Bob Belcher, Bob’s Burgers

The Belchers are the insane family to end all insane families, and Bob is the figurehead. You’d think that would mean he’d hold all the power, but it actually means the exact opposite. Not only does his wife, Linda, take control most of the time, but his three eccentric kids dominate his very existence with their shenanigans. Still, having a dad like Bob would be awesome, and you get to live above a restaurant. That’s pretty sweet, right?

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Danny Tanner, Full House

The king of cheese, otherwise known as Danny Tanner. His life lessons and lectures to his daughters were some of the most clichéd in TV history, but they somehow worked. Case in point: those girls toed the family line for almost the entire series. We suppose the other “fathers” in the house — Joey and Uncle Jesse — played a part in the girls’ well-roundedness.

Carl Winslow, Family Matters

We feel the most sympathy for Carl because he had to deal with uber-nerd Steve Urkel, who obsessively chased after his daughter, Laura. (Looking back, it was way past over-the-line.) Anyway, as a dad, Carl was very doting and caring, and a police officer to boot! Not unlike its distant cousin, Full House, Family Matters didn’t exactly delve into super-deep issues,  but when it did, Carl was the steadfast dad we all crave in life.

Jim Walsh, Beverly Hills, 90210

Jim is the reason the Walshes moved to Beverly Hills in the first place: his job relocated them from snowy Minnesota to sunny, glamorous California. It took many years/seasons for Jim to adjust to the new climes, and he always seemed a shade paler than the rest of his family. He was an amazing dad to twins Brandon and Brenda, whose numerous teenage dramas would have made an average parent go grey overnight. Jim always took everything in stride, though he didn’t always make sense.

Tim Taylor, Home Improvement

Unsurprisingly, Tim Taylor was all about the tools, the renos and Tool Time, but that doesn’t mean he didn’t dedicate his home time to his three boys. As a dad, he was straight to the point, and all the handyman gruffness disappeared if one of his boys was in trouble. Bonus points go to neighbour Wilson for also being half-there for the kids.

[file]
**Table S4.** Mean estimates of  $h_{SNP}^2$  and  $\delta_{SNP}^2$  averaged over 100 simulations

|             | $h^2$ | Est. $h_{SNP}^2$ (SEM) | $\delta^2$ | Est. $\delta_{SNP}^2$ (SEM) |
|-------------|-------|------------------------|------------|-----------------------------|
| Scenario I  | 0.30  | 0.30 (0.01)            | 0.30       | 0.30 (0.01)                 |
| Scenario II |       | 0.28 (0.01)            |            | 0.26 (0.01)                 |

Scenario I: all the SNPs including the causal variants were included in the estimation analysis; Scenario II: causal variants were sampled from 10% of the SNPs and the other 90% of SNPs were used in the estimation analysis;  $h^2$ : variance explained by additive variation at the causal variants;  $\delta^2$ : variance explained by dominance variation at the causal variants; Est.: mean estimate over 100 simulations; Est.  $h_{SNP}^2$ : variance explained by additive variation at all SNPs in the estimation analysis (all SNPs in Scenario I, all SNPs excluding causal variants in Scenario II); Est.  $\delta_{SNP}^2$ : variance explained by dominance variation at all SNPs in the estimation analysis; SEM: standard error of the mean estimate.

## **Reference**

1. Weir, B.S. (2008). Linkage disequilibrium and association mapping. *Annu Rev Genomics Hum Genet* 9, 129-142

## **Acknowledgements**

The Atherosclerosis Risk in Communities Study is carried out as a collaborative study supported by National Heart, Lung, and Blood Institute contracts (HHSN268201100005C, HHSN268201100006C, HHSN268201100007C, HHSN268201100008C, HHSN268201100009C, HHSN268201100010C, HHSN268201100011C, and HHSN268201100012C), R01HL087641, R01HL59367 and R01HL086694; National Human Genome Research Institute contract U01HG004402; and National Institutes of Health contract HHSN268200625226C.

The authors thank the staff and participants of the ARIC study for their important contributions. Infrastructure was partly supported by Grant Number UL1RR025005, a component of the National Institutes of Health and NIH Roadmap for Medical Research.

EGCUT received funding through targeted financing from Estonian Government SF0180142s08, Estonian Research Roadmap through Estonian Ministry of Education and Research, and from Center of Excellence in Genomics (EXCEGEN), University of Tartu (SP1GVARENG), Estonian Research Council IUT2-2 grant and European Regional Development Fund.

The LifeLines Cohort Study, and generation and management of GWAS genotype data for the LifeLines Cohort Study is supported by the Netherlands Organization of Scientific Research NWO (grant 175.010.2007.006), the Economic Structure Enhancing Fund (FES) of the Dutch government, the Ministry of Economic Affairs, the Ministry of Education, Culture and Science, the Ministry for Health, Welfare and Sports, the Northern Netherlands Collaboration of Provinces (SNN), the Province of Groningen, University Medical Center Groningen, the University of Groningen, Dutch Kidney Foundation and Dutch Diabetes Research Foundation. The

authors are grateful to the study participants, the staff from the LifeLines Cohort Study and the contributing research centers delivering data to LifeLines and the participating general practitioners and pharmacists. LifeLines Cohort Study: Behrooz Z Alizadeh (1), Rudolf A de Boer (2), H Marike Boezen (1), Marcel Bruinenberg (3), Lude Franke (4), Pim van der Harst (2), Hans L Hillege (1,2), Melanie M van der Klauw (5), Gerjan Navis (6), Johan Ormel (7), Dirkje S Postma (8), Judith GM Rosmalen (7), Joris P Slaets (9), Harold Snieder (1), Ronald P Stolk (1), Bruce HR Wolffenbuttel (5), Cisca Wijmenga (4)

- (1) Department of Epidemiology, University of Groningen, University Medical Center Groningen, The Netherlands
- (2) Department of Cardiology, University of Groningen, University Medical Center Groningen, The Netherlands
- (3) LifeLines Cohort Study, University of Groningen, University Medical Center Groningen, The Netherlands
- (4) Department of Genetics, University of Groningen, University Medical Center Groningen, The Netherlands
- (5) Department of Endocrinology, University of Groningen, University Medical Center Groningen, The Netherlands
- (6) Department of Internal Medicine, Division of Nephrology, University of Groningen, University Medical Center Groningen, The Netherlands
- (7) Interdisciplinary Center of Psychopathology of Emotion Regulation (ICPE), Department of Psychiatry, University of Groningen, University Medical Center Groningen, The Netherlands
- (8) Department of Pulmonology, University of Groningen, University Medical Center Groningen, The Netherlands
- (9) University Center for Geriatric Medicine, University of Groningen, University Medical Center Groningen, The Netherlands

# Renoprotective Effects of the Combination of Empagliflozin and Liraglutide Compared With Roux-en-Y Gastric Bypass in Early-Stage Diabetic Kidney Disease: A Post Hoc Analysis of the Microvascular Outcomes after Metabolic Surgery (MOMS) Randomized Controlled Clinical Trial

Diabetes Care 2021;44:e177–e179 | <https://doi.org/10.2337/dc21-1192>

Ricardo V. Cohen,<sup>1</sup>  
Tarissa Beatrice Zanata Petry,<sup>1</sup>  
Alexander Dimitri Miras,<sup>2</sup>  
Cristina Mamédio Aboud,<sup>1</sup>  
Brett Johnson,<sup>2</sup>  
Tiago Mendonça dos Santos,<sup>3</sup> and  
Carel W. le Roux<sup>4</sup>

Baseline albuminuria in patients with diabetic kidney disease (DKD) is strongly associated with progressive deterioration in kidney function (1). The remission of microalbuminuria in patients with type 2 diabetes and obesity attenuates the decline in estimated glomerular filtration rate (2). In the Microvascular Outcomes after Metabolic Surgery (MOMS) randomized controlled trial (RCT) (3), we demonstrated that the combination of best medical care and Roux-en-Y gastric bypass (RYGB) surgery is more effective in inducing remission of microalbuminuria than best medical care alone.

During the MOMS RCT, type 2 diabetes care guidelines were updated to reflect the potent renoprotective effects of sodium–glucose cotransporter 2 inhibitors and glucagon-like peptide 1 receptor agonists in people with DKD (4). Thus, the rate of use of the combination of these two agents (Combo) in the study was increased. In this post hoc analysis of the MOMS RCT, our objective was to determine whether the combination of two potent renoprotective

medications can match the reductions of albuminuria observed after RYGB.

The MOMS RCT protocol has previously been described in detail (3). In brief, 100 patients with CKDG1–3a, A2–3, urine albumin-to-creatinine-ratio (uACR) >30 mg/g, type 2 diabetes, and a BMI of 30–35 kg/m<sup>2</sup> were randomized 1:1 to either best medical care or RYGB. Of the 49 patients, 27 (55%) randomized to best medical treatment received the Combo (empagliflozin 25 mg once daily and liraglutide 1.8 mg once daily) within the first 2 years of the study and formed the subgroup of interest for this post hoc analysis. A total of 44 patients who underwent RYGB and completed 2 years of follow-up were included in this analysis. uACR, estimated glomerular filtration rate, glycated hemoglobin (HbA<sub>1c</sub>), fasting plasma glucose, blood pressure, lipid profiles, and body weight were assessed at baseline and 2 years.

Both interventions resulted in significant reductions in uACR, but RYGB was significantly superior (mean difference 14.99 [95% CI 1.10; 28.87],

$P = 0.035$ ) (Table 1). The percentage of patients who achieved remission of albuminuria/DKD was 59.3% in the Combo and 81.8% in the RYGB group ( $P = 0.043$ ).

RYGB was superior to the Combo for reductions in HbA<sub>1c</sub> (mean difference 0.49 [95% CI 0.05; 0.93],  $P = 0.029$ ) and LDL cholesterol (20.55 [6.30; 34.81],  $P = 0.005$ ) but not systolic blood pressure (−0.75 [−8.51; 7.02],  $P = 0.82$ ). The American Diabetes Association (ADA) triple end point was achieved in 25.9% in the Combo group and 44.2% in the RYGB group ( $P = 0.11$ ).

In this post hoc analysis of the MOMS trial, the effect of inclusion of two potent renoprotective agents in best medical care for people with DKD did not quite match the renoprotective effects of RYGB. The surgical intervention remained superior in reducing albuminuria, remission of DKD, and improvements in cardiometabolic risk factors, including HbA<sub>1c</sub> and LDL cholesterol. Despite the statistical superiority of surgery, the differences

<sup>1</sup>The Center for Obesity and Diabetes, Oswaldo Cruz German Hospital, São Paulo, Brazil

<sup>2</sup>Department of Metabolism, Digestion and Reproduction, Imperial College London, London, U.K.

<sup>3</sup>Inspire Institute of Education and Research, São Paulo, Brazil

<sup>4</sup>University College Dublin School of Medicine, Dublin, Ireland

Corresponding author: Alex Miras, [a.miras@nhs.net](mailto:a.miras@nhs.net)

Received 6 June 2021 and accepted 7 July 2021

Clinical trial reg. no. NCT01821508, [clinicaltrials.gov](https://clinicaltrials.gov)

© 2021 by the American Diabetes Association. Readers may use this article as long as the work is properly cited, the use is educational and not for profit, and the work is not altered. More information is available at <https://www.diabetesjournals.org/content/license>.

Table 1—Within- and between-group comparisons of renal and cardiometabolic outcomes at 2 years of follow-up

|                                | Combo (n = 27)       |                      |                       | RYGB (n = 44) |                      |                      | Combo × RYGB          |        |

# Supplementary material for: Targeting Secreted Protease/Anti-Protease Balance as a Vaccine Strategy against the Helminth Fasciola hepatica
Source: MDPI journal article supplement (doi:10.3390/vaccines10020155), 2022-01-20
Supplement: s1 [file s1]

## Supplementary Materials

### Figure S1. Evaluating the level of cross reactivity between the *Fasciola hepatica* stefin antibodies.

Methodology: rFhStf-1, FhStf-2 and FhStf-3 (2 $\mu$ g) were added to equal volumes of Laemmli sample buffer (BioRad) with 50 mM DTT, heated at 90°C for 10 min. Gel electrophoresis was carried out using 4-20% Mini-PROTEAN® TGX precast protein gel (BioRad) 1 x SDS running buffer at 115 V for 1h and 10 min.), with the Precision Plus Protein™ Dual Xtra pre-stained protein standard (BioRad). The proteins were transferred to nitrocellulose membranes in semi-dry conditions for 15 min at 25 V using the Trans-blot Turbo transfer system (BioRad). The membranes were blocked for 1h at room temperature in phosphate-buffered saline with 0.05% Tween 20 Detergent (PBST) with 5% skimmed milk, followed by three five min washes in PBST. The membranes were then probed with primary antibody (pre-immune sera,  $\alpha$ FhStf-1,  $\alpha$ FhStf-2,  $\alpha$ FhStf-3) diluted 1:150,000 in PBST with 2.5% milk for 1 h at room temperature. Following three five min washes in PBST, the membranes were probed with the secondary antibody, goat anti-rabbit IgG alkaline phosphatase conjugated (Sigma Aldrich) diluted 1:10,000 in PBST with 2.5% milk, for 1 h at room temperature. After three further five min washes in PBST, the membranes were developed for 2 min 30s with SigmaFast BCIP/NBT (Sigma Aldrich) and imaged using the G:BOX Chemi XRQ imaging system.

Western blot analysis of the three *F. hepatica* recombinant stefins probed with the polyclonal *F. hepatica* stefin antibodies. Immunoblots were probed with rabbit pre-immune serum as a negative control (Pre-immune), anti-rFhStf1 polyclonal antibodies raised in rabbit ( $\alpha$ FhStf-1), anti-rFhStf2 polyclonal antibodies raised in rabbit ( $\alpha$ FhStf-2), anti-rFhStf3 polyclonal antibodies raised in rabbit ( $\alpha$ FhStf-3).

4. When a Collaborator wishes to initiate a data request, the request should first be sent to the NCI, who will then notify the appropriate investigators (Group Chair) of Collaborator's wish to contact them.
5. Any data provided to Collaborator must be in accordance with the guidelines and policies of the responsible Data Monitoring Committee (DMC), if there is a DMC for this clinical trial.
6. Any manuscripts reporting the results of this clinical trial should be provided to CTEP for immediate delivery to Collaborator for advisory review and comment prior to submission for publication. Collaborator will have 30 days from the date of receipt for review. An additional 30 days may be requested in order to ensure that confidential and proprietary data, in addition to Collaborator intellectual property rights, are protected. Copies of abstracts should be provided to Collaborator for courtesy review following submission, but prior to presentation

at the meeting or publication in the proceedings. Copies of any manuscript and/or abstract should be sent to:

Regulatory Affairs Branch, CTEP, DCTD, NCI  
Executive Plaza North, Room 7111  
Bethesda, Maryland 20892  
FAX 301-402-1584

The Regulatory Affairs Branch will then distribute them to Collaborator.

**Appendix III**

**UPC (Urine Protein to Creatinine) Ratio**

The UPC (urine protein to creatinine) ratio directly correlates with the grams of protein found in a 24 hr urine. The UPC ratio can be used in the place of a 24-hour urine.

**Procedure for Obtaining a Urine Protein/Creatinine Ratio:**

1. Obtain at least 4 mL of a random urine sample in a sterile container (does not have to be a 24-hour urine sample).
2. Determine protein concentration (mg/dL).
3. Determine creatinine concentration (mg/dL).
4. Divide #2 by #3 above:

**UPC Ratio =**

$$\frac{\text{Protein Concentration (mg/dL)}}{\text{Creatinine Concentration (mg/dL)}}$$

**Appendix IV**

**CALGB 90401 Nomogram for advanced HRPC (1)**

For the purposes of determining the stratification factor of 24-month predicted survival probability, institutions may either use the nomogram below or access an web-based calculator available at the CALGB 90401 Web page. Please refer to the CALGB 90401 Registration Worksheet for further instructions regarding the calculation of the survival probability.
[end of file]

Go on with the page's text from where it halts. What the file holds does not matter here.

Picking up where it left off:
Charles Ingalls, Little House on the Prairie

There’s no doubt about this one — Charles Ingalls loved his kids more than he loved anything else (OK, except maybe Caroline). If we ignore the fact that he obviously played favourites (“Half-pint,” a.k.a. Laura, was always #1), Charles was a perfect father in every sense of the term. From sunrise to sunset, Charles was working to earn money for his family, even if that meant backbreaking farming or mill work. He even (usually) had enough energy to play a tune on the fiddle for his kids before bed.

Mike Brady, The Brady Bunch

If there was ever a speech-giver, it was Mike Brady. Mocked endlessly in the eventual satirical Brady Bunch movies of the ’90s, there was no topic Mike couldn’t transform into an endless train of clichés, metaphors and circular reasoning. Regardless, he was a loving dad to his six kids, and his earnestness was never in question. Now if only there was something we could do about his polyester collared shirts and loud pants.

Dre Johnson, Black-ish

OK, so his advice might not be the best, but hey, he is non-stop entertainment. Despite his outer shell of comedy and one-liners, underneath it all Dre is a compassionate, caring dad who just wants the best for his kids. At least he understands the importance of having cool sneakers in school.

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Tony Micelli, Who’s the Boss?

Angelaaaaaa. Samanthaaaaaa. Jonathannnnnn. Monaaaaaa. You can hear him, right? Tony is the kind of dad any ’80s child would dream of: he’s cool, he’s easy to talk to, and he’s not stuffy in any way. The only con is his job; as a housekeeper, he’s open to mockery. Amazingly, this was never really a problem for him or his daughter. Oh, also, Tony, we need to talk about that creepy van you drive around in.

Red Forman, That ’70s Show

Red is scary, there’s no denying that. That stern glare and that no-nonsense military vibe terrified Eric, and made it difficult to approach his father. Thank goodness for Red’s wife Kitty, who tempered his rage and anger with sweetness. Red’s curmudgeonly ways made it all the more adorable when he caved in and became emotional, which happened far more than we think he’d like.

Al Bundy, Married With Children

Maybe Al isn’t the best father, and yes, maybe he does express how much he hates his wife and children on a regular basis, but we all know that deep down Al loves them all. Lucky for Al, as a shoe salesman, he can teach his two kids what not to become. Interestingly, Al actor Ed O’Neill appears twice on this list. By this age, he must have this dad thing down pat.